Wednesday, 29 September 2010

Tottenham Hotspur Home 2010/11

Firstly, I’ll state that this is probably my favourite Premiership kit this season. Considering the depths last season’s Tottenham effort sunk to, with its unnecessary, inappropriate yellow trim and terrible dirty grey neck panel, it was always going to be fairly easy to produce something better this time around. When the first leaked shots appeared however, it seemed Puma may have performed a near miracle, for here was a shirt steeped in retro, clearly influenced by a Spurs kit of old...looks very late 70s / early 80s...let’s just check through all their old, nothing really like it at all...there’s this Admiral thingy, but that’s an England kit...maybe they had a limited edition or something? No. Nothing. Despite my memory swearing blind there’s an old Tottenham shirt like this one, it just doesn’t exist. Please correct me if I’m wrong on this, however.

So, with that out of the way, let’s move on to the kit itself. As already stated, I was not a fan of last season’s due to the over fussy nature and use of too varied a colour palette so it’s pleasing to see this whole kit, in contrast, is played out in just the traditional Spurs combo of white and navy. An incredibly dark navy in this looks almost black. The most obvious feature is the diagonal shoulder panel and it is this which really sets this shirt apart from others this season. One cannot escape the overwhelming retro feel and it’s the shoulder panel that really sets the tone. It’s a very bold move as it’s in no way subtle, but it just works so well, right down to the mis-matched lines either side of the neck; a small detail, but one which adds a further touch of class and design.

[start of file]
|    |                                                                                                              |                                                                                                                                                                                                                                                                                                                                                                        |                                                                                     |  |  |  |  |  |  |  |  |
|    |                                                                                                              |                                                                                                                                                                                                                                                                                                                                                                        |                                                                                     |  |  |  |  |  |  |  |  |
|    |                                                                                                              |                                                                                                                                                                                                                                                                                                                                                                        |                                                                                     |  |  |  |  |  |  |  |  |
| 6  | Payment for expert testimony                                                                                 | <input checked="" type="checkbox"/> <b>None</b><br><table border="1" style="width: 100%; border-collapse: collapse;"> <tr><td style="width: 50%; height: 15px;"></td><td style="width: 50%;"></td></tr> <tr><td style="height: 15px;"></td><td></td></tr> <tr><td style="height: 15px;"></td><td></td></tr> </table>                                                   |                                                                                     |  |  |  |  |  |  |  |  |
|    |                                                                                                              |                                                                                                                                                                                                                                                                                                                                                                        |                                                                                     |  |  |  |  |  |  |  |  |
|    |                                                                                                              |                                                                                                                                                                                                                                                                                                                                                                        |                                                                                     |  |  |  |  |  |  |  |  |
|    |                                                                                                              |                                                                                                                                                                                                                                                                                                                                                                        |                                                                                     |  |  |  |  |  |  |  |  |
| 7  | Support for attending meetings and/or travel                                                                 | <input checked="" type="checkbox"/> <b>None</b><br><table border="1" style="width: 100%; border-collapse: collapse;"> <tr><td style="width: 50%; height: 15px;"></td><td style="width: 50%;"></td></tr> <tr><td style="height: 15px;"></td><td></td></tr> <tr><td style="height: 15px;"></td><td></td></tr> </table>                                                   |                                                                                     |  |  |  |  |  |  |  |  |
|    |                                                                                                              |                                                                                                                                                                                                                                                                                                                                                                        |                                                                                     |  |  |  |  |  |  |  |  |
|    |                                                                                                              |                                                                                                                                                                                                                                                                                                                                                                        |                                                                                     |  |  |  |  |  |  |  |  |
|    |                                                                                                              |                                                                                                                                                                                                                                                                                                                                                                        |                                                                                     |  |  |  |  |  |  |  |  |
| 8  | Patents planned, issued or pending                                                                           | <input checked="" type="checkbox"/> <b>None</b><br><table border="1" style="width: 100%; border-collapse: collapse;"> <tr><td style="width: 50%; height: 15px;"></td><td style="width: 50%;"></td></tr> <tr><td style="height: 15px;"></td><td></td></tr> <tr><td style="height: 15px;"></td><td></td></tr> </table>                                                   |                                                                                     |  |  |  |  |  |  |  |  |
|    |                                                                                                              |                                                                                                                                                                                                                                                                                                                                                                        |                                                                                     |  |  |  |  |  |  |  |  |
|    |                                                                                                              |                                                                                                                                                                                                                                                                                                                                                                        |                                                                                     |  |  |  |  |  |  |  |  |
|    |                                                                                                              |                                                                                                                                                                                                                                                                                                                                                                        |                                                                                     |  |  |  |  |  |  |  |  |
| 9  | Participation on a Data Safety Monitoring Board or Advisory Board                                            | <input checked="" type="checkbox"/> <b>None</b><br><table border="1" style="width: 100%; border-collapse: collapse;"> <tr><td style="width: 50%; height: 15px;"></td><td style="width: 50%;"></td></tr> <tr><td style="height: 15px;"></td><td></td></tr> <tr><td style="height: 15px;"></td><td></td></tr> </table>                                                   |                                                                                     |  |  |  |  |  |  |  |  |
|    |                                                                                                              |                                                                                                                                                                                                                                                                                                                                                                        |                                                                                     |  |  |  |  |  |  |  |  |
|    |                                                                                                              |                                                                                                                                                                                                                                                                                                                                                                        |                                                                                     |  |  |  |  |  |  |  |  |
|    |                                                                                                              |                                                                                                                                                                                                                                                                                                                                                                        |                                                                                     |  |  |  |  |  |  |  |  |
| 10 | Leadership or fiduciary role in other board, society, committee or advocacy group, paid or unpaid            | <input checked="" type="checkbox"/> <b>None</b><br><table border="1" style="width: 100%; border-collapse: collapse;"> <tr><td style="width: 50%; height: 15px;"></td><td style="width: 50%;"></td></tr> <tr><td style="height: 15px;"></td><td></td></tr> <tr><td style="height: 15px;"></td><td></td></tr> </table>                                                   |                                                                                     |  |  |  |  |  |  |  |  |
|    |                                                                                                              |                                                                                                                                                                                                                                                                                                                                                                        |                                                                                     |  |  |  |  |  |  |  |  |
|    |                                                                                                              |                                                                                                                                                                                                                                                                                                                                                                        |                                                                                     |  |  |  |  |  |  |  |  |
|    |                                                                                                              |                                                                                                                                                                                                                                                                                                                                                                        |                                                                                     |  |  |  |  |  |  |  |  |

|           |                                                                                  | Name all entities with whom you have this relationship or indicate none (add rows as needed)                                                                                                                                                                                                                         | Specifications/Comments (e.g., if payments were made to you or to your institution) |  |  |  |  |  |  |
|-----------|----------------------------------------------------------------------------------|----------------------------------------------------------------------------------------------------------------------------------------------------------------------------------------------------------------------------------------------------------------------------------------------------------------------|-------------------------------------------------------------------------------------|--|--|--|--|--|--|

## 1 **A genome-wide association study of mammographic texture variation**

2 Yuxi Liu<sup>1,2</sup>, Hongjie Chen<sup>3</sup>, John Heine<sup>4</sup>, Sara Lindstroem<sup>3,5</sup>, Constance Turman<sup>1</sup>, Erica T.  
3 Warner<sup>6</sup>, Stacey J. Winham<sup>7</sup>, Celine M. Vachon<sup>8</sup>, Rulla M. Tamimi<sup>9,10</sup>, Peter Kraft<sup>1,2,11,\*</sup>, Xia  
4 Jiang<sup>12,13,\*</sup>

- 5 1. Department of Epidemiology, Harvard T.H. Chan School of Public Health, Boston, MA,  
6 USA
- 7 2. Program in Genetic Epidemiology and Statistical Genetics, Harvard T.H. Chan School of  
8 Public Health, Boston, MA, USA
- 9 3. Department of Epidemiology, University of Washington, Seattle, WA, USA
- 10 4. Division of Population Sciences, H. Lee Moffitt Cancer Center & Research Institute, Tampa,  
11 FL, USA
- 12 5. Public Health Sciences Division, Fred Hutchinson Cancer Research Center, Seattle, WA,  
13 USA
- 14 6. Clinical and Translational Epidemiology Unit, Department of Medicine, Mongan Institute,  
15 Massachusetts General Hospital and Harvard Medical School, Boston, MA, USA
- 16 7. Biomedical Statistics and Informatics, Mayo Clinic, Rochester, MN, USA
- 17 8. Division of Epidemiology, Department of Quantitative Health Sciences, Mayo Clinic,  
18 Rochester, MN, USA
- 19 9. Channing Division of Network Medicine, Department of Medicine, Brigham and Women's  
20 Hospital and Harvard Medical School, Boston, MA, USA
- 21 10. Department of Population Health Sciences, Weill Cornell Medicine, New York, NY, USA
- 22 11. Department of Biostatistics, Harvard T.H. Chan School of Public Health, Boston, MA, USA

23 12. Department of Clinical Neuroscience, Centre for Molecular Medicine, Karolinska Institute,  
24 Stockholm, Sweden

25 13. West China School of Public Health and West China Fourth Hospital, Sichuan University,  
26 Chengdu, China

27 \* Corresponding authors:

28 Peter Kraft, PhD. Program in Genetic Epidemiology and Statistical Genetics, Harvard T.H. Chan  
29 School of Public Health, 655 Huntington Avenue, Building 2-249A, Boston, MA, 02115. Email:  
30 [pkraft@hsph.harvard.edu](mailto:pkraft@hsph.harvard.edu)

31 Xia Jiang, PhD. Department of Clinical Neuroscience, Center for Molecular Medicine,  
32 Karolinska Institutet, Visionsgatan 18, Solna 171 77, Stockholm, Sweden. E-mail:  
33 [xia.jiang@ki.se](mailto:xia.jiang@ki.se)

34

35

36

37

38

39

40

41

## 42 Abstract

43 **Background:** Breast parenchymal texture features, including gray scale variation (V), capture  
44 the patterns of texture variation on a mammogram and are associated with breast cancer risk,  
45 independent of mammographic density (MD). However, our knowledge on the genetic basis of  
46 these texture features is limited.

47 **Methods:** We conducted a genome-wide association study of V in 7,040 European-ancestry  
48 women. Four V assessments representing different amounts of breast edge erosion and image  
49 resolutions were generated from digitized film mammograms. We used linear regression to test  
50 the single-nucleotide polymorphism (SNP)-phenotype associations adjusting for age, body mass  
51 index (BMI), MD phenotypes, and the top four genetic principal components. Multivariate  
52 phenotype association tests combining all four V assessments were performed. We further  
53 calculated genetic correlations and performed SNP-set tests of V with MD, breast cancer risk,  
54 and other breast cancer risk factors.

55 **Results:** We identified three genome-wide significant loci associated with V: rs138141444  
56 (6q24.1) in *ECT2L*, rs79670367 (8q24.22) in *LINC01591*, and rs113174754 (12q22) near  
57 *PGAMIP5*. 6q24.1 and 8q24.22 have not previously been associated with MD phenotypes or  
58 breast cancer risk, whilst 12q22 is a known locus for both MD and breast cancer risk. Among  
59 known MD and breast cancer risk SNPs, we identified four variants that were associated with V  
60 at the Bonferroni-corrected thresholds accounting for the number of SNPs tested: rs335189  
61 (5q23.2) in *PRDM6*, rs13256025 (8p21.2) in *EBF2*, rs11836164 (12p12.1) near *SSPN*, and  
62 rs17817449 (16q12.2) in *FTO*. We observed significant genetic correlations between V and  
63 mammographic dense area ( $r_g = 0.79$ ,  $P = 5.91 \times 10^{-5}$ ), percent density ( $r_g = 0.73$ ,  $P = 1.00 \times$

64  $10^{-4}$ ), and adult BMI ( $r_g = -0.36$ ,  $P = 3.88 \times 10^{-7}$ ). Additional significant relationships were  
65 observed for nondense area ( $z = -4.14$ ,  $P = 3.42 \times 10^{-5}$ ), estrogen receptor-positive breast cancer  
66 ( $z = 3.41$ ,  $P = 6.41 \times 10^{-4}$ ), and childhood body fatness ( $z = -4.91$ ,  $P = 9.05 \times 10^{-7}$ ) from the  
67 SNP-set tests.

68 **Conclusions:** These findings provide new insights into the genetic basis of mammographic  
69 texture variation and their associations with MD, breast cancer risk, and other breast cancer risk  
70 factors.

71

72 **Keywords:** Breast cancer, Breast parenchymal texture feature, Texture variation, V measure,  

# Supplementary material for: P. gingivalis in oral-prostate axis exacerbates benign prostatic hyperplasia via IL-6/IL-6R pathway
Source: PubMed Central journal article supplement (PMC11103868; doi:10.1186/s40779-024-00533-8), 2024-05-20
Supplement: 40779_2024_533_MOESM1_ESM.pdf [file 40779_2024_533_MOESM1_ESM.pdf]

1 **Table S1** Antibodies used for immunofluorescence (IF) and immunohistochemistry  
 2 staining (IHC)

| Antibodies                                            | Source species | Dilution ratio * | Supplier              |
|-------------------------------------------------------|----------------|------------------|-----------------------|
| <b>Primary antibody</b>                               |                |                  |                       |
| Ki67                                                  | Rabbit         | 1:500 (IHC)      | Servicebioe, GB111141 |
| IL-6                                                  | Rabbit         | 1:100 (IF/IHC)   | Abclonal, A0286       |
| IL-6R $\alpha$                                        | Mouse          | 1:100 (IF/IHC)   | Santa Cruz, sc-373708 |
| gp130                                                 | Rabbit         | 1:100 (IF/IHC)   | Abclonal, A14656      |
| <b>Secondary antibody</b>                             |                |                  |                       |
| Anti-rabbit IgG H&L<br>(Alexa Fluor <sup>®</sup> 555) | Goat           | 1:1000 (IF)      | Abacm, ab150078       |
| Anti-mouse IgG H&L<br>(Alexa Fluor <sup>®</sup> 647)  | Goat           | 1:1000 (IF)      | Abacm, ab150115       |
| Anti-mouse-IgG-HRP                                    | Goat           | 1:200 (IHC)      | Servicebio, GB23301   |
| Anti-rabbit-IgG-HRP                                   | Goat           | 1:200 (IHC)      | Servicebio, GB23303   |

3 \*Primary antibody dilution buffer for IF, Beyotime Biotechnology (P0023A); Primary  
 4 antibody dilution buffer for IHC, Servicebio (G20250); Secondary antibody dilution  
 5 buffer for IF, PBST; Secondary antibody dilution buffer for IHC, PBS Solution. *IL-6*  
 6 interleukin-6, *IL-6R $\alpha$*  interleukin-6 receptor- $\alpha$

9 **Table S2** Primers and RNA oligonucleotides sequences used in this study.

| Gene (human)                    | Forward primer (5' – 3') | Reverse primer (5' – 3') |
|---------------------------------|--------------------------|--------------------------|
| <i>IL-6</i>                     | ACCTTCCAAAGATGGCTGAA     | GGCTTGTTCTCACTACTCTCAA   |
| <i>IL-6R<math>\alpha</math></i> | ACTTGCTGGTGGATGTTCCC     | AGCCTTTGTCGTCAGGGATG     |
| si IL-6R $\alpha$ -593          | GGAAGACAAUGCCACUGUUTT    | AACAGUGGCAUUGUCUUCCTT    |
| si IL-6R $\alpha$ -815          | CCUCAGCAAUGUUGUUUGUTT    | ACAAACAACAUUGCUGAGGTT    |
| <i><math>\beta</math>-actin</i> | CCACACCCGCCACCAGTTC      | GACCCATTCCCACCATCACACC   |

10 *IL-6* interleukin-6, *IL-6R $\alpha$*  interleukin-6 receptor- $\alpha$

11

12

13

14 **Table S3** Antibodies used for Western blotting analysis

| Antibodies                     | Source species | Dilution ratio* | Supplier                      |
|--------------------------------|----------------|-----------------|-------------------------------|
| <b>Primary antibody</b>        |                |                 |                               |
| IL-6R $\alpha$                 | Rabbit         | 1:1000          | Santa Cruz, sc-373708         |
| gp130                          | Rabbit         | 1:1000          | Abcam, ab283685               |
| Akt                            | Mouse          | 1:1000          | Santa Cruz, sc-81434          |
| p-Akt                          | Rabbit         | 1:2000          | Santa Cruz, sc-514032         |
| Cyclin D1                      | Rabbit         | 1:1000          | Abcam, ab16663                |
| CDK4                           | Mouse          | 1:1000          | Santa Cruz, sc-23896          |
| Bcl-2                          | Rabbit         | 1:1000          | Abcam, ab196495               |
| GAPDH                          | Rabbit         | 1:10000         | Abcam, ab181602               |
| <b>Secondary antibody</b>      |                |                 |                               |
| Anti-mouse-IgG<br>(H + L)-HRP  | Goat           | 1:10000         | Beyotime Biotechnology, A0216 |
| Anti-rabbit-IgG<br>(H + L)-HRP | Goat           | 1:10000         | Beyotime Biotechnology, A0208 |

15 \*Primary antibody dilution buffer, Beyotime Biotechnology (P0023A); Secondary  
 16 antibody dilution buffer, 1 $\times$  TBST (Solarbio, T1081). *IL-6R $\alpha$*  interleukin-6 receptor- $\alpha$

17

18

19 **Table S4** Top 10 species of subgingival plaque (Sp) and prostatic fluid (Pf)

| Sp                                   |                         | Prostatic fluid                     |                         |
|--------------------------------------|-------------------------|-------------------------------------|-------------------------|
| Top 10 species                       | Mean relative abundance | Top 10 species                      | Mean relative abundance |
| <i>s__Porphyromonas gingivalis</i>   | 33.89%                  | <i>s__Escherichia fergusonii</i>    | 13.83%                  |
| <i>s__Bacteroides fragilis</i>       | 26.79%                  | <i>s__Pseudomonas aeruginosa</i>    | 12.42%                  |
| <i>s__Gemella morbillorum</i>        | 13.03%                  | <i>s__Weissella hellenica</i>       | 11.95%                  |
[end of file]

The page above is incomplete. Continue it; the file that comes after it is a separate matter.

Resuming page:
This is aided by the curious neck design, comprising a decidedly old fashioned looking mix of crossover crew neck (although it could be a very shallow V neck?) finished off with a triangle of white underneath. It’s an odd mix of two different styles as one almost feel there’s a collar missing somewhere, yet I feel it works perfectly and really puts the finishing touch to the overall look.

One final note on the shirt is the sponsor, software infrastructure company, Autonomy. Alas, their logo spoils the whole thing. It’s a sizeable graphic and the circular nature of it just doesn’t sit well with the generally straight line heavy design. To compound this, the red dot adds a colour that just shouldn’t be there. There are several decent shirts ruined by a logo that just doesn’t fit and this is sadly one of them.

The shorts mirror the diagonal panel in reverse, albeit only on the right leg, though anything more and it would have looked too busy and detracted from the shirt. The socks are white with navy tops and the 2 narrow stripes from the right shoulder panel running horizontally across the middle, with the puma logo underneath. I can’t help but feel it would have been better to have either kept these all white or perhaps just topped with the navy...the stripes seem superfluous and as they’re not diagonal, create an unbalanced feel to the whole kit. This is a minor issue, however and should not take anything away from the brilliance of the complete article.

Overall, at a time where Puma are producing some pretty average kits (Newcastle for example), this is an outstanding effort.

Of course, one cannot complete this review without mentioning the ‘cup’ shirt...
In these days of cash raking, there’s always an opportunity to garner some extra cash somewhere and the last few seasons has seen the rise of the one-off limited edition outfit. While several teams have issued European editions for years now, Spurs have gone in a slightly different direction and released a shirt to be worn in all cup competitions for the next two years (as shown below).